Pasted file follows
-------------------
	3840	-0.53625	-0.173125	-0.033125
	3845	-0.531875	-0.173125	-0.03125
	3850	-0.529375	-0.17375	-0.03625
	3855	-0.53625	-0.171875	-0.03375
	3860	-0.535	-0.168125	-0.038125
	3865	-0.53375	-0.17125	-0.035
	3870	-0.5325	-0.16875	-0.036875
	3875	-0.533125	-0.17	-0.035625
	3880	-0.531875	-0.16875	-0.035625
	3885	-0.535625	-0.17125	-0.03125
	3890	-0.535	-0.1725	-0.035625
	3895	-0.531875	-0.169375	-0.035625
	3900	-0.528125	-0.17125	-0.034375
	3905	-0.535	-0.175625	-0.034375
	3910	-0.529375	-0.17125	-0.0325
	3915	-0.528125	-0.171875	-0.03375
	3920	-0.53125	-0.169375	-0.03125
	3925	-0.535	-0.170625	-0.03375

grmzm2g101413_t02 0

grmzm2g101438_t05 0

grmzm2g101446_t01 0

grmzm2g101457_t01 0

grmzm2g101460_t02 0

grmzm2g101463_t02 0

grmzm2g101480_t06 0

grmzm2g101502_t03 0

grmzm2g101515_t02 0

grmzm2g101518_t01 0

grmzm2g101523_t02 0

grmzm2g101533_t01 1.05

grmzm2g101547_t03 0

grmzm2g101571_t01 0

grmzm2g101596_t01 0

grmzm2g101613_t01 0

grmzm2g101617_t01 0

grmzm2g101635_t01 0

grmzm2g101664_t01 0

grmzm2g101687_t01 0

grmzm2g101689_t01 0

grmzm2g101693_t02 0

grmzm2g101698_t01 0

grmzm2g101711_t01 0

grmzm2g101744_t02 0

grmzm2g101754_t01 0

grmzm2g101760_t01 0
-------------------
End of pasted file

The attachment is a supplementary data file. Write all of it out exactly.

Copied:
	3840	-0.53625	-0.173125	-0.033125
	3845	-0.531875	-0.173125	-0.03125
	3850	-0.529375	-0.17375	-0.03625
	3855	-0.53625	-0.171875	-0.03375
	3860	-0.535	-0.168125	-0.038125
	3865	-0.53375	-0.17125	-0.035
	3870	-0.5325	-0.16875	-0.036875
	3875	-0.533125	-0.17	-0.035625
	3880	-0.531875	-0.16875	-0.035625
	3885	-0.535625	-0.17125	-0.03125
	3890	-0.535	-0.1725	-0.035625
	3895	-0.531875	-0.169375	-0.035625
	3900	-0.528125	-0.17125	-0.034375
	3905	-0.535	-0.175625	-0.034375
	3910	-0.529375	-0.17125	-0.0325
	3915	-0.528125	-0.171875	-0.03375
	3920	-0.53125	-0.169375	-0.03125
	3925	-0.535	-0.170625	-0.03375

grmzm2g101413_t02 0

grmzm2g101438_t05 0

grmzm2g101446_t01 0

grmzm2g101457_t01 0

grmzm2g101460_t02 0

grmzm2g101463_t02 0

grmzm2g101480_t06 0

grmzm2g101502_t03 0

grmzm2g101515_t02 0

grmzm2g101518_t01 0

grmzm2g101523_t02 0

grmzm2g101533_t01 1.05

grmzm2g101547_t03 0

grmzm2g101571_t01 0

grmzm2g101596_t01 0

grmzm2g101613_t01 0

grmzm2g101617_t01 0

grmzm2g101635_t01 0

grmzm2g101664_t01 0

grmzm2g101687_t01 0

grmzm2g101689_t01 0

grmzm2g101693_t02 0

grmzm2g101698_t01 0

grmzm2g101711_t01 0

grmzm2g101744_t02 0

grmzm2g101754_t01 0

grmzm2g101760_t01 0